An earth-formed concrete amphitheater designed by Paolo Soleri may be demolished later this summer. One of only a handful of structures built by Soleri, the open-air theater (known as the “Paolo”) is on the campus of the Santa Fe Indian School, in Santa Fe, New Mexico. The school commissioned Soleri to design the theater in 1964, and though it has been used for graduations and concerts since that time, the school now believes that it costs too much to maintain, and says it brings drunken crowds onto the campus during events. Read More
As Kermit once declared, “It’s not easy being an architect.” From the 2-feet-too-tall M Cube to the near-destruction of old masters, there seem to be problems around every corner. The story of Clark Stevens is doubly tragic, which Architizer ran today. You see, like many a sad architectural story, Stevens was working on one of his many glorious prairie houses when the recession hit and the client canceled it, and not only that, but there was a considerable squabble over fees, which client did not realize would grow as the size of the project did. After months of struggle a settlement was reached, about the best Stevens could hope for. A little while later, Read More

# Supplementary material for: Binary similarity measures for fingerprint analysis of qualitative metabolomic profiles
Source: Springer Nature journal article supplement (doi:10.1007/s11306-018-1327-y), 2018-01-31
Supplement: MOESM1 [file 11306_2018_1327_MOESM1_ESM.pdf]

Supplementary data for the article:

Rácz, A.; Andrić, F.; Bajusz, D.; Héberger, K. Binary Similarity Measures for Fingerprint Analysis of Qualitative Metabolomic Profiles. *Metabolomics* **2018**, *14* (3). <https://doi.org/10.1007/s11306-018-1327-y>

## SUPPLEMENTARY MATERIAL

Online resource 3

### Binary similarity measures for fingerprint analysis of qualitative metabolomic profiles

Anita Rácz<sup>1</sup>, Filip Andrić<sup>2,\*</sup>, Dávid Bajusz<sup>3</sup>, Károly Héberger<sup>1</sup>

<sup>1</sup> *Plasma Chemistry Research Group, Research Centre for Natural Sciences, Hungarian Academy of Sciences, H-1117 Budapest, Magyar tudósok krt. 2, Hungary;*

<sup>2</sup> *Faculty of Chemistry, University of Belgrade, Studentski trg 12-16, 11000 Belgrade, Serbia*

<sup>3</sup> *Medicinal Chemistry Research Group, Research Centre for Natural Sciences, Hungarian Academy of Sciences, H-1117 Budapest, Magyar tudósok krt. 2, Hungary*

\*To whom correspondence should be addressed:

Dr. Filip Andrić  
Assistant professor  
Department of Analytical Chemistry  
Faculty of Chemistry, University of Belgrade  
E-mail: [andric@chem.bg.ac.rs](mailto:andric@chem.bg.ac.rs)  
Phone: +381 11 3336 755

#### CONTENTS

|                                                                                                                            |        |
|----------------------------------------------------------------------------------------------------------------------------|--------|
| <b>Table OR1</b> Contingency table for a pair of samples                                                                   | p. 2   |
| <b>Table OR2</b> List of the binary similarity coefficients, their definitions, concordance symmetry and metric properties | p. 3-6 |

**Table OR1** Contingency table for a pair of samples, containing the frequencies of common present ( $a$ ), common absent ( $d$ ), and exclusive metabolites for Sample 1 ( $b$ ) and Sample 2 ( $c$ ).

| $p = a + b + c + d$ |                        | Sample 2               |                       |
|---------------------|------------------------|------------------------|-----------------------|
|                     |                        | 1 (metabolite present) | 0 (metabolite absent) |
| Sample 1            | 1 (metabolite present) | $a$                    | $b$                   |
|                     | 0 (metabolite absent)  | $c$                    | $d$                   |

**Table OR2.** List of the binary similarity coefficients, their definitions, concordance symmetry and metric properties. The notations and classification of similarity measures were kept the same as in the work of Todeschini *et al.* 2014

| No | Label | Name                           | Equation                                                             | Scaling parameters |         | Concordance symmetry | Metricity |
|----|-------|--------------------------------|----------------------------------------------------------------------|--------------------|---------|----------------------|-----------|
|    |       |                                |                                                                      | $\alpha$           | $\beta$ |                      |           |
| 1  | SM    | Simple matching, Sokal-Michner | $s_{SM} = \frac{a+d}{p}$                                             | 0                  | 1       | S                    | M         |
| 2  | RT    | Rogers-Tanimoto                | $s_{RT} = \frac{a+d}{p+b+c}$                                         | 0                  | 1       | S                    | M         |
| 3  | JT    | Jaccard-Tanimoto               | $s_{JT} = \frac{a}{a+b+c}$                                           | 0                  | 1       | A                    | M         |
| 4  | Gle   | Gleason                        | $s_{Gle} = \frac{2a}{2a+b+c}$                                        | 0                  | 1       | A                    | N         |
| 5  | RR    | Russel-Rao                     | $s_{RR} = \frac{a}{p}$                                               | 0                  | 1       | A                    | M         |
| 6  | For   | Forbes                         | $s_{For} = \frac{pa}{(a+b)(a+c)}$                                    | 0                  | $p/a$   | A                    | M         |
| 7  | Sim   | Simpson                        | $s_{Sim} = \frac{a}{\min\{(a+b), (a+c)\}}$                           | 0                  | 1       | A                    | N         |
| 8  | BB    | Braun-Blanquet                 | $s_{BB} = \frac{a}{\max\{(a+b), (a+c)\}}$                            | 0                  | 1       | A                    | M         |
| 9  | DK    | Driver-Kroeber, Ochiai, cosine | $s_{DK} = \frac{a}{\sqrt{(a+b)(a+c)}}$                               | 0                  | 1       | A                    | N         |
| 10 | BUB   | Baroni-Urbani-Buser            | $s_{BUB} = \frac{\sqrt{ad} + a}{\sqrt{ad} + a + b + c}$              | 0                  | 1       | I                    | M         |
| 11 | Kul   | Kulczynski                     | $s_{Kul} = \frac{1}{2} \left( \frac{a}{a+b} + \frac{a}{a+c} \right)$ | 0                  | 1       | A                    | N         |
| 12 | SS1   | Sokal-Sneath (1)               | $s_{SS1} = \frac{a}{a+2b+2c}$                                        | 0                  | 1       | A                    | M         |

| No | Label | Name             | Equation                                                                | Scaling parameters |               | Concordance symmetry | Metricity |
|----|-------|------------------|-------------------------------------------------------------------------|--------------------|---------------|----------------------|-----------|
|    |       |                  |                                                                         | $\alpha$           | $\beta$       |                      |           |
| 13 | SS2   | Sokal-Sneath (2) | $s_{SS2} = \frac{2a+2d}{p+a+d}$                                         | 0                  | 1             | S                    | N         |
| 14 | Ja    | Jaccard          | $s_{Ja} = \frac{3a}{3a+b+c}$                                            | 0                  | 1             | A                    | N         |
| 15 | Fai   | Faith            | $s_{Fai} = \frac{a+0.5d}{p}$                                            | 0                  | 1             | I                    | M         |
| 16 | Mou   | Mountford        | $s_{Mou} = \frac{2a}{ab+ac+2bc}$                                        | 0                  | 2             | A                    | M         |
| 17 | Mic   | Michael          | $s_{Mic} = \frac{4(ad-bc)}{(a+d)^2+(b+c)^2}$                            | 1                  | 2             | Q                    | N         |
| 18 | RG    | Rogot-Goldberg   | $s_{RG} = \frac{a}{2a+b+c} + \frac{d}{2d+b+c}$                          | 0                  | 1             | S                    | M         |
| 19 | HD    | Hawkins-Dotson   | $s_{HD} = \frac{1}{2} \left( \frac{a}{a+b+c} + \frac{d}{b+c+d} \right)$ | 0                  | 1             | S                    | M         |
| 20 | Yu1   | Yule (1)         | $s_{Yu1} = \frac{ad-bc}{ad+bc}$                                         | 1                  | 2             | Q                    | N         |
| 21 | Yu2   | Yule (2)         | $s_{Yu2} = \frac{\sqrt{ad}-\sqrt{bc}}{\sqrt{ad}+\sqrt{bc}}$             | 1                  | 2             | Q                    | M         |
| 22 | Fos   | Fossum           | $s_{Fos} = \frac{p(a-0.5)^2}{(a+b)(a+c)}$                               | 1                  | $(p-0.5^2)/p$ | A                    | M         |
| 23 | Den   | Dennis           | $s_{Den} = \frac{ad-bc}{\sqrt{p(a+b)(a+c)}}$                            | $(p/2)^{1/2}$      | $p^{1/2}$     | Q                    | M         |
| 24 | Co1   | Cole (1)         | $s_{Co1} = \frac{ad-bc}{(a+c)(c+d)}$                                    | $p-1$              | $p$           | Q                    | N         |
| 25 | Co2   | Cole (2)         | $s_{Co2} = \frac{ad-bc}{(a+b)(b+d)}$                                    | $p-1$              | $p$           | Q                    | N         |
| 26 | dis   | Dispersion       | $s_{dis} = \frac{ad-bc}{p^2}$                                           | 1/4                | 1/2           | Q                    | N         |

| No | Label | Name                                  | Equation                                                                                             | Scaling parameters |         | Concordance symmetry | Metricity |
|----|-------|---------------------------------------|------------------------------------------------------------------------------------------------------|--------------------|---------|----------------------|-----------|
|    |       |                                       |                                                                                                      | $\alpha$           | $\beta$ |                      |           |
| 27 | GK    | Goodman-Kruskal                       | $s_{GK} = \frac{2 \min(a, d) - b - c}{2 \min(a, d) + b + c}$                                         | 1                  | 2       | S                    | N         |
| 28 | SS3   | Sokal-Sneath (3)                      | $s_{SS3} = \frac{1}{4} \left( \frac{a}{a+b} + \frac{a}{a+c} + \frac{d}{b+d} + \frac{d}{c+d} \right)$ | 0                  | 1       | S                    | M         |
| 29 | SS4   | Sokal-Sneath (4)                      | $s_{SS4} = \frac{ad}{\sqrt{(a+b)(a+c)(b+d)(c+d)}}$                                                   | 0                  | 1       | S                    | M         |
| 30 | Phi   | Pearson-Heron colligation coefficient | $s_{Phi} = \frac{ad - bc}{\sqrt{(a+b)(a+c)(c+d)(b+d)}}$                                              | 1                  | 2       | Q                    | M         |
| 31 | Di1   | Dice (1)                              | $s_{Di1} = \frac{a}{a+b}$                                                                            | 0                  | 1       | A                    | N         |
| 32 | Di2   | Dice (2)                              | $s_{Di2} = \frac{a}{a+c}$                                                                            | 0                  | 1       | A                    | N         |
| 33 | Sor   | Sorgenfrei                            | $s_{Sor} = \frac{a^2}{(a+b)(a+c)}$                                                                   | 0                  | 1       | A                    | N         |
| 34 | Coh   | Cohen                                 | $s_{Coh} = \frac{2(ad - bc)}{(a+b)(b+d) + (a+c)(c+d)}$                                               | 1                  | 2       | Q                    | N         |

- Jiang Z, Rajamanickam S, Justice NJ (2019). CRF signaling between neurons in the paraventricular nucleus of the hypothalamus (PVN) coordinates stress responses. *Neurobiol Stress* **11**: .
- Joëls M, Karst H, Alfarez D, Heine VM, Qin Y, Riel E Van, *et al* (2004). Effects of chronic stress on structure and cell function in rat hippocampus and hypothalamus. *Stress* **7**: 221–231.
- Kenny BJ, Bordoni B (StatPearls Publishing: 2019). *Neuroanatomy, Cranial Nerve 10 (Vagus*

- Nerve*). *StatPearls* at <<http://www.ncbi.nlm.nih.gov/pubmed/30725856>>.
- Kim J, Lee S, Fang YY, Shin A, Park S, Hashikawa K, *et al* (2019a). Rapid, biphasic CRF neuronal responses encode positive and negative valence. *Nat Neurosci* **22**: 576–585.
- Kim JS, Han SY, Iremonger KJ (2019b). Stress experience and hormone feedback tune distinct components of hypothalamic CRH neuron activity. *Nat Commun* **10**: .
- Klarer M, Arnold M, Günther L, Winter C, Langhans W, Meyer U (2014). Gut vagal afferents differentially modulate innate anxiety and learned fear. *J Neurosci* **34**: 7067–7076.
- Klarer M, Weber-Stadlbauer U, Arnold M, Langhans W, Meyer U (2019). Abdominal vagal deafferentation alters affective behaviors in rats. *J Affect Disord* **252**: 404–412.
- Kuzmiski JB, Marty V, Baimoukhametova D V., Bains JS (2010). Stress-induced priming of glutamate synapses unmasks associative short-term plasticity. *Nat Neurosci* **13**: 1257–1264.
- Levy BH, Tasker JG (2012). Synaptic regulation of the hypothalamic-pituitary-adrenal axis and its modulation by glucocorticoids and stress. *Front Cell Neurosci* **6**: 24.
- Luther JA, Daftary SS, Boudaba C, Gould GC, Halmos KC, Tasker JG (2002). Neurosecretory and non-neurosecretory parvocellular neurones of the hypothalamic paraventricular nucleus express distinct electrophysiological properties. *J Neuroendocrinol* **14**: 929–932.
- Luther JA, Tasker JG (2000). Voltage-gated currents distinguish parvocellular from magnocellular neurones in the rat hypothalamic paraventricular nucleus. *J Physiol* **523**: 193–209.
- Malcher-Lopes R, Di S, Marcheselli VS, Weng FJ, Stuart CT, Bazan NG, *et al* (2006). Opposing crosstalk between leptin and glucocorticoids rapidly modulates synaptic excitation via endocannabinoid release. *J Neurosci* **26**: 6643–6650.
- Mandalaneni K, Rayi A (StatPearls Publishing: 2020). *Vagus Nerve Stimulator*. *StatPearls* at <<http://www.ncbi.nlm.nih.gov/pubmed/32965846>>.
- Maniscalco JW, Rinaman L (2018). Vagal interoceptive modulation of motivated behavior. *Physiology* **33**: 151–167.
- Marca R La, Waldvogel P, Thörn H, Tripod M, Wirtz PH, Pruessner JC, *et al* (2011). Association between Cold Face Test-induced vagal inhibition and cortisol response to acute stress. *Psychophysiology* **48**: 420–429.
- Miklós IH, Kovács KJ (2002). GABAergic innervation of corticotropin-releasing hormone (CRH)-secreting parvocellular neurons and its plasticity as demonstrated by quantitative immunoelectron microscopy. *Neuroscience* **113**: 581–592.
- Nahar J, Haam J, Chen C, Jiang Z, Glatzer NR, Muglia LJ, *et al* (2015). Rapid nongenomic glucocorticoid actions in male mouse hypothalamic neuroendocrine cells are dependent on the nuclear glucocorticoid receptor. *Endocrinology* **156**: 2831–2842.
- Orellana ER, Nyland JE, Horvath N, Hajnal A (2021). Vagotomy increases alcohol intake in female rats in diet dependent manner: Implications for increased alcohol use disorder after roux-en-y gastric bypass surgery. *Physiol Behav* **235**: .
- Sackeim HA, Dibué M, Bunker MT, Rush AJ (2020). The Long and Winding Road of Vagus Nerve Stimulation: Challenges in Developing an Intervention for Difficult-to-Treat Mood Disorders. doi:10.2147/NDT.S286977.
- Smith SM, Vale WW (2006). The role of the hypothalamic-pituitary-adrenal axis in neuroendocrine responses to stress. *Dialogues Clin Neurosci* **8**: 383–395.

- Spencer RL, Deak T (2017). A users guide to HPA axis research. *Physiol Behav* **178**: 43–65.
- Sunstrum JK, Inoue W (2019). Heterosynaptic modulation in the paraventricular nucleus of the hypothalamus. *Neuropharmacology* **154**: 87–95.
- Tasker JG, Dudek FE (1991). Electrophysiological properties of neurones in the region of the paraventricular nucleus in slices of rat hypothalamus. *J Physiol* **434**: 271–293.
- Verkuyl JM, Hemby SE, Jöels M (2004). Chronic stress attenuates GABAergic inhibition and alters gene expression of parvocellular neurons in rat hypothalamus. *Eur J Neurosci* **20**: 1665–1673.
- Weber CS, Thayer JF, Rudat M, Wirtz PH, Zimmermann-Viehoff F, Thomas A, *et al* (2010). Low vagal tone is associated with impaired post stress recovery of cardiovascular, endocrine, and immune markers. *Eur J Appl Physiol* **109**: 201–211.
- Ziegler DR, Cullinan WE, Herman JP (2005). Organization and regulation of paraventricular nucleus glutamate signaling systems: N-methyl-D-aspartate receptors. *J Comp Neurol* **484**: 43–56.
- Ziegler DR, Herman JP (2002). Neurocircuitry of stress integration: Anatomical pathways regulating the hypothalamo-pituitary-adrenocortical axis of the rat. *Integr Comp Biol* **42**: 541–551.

Design East of La Brea, a.k.a. de LaB, is throwing its first ever fundraiser on Saturday, June 26, and you’re invited. A redux of 2008’s City Listening, City Listening II will feature local design writers (including AN‘s very own Sam Lubell) reading selected stories about Los Angeles. There will also be a silent auction of art work by de LaB members, food, drinks, and special guests. To put the cherry on top, the event is being hosted at downtown LA’s beautiful Spring Arts Tower. Tickets are on sale now (here) and if you purchase yours by tomorrow you’ll get a discount!